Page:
5. Vic Smith says:

    Many fascinating questions about the nature of Visionary Fiction raised in this thread. Thank you, Margaret, for bringing them to the fore. As a VF writer, whose works have been described as "too dark" by those who expect VF to be a steady diet of sweetness and light, I am heartened to see some attention placed on the process by which the ugly toad in all of us is transformed into the handsome prince/princess that we intrinsically are. Wish as we might that it were different, there is no growth without struggle to master our fears, as illusory as they might seem once in the rear view mirror; and there is no story without the conflict in which all–even faith, hope, and love–could be lost before the truly worthwhile is gained.

    Koontz's Innocence goes on my reading list, and I look forward to reading how a master story teller achieves what his Kirkus Review (Amazon) describes as “Laced with fantastical mysticism, it’s an allegory of nonviolence, acceptance and love in the face of adversity. . . . The narrative is intense, with an old-fashioned ominousness and artistically crafted descriptions. . . . An optimistic and unexpected conclusion [mirrors] his theme. Something different this way comes from Mr. Koontz’s imagination." Sounds like Visionary Fiction at its finest to me.


    • Yes, Vic, Dean Koontz can be dark, but he weaves in enough hope, even humor, to keep me turning the pages, not only because I know I will be rewarded in the end with something truly worthwhile, but because his story telling is so masterful that I often have to stop and reread a sentence, phrase, paragraph as though going for seconds at a top-line buffet. Visionary Fiction at its finest, indeed.


  6. Sandy Nathan says:

    Dean Koontz should hire you as a publicist, Margret! I'm putting him on my "must read" list. It's interesting, because a woman I admire very much and who is very definitely on a spiritual path told me about Koontz years ago. She had an abused background and said that she'd read an interview with Koontz in which he said he had a very turbulent, abusive life as a young person. He used those horrible experiences to create his art, as you illustrate so well in this post and your blog article. I think that this illustrates the breadth of visionary fiction: it's not all faeries and twinkling lights and happy ever after. The darkness can lead to breathtaking and unexpected light.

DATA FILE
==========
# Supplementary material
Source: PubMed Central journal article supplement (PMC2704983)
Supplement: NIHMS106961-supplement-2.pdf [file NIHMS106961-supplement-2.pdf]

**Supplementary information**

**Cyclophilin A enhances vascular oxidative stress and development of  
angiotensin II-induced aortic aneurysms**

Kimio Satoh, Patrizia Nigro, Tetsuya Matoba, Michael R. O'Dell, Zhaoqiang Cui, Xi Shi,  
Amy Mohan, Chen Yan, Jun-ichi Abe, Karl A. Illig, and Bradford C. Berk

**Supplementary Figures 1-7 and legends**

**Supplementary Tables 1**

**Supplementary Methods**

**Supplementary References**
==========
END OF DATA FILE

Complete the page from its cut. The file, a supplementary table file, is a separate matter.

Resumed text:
• A publicist! That's beyond my capabilities, I'm afraid. But I am capable of spreading the word about visionary fiction, and I can think of no better way than to illuminate the work of fellow visionary fiction writers – especially well-known ones – to further the cause. The fact that Koontz's work includes the spiritual comes as a surprise to many, though people such as your friend have broken the code. I've also read about Koontz's horrible childhood, but instead of using this as an excuse to fail, he's used his experiences (and talent) to lift himself and others beyond the pain and abuse and show that the time is now and there is always hope for a better tomorrow.


  7. esdragon2 says:

    Heck!!! Did anyone actually ever say that VF was all twinkling lights and fairies? or even faeries? However, where I stand on VF is that it should open us up to a shift in consciousness, a transformation which takes us beyond the status quo, the comfort zone we tend to cling to. It should help us face some of our darkest fears, those lurking unconsciously in our own dark, unexamined corners, and allow a new vision for ourselves and for the future of the World in general to unfold.

    Having just looked at Koontz's Amazon page, it seems to me he doesn't need any further publicity; he has admirers and glowing reviewers in abundance! I'm only disappointed that, having been given a Kindle for Christmas, I find that Innocence is unavailable as an e-book!


    • I so agree with your stand of VF and how it should open us to a shift in consciousness and transformation, beyond the status quo. And Dean Koontz definitely takes us beyond the status quo. Good News. Innocence IS available as an e-book for your Kindle. Check it out here:… . And you're right, Koontz doesn't need further publicity to put him on the best-seller's list. However, I do need to spread the word to people who would appreciate his work and have no idea it is visionary in scope.


    • Sandy Nathan says:

      Hi, esdragon2! I guess I feel touchy because I think my work is darker than most visionary fiction (but maybe it isn't). A friend said of one of my books, "That's pretty gritty. Maybe more that some readers can handle." Grit or not, all of my writing has a strong transcendent thrust that powers the story. My own life has had more than a few years that I just as soon would have skipped. I'm doing what Koontz does, transforming agony into ecstatic possibility.

      Regarding fairies and faeries: I thought I hated books about those flapping little critters until I read Valerie Douglas's Song of the Fairy Queen. This is an epic about a world in chaos where light battles darkness. Another case of what looks like the fairy equivalent of a shoot 'em up having deeper meaning. Here's a link:… This book has one of the best covers I've seen.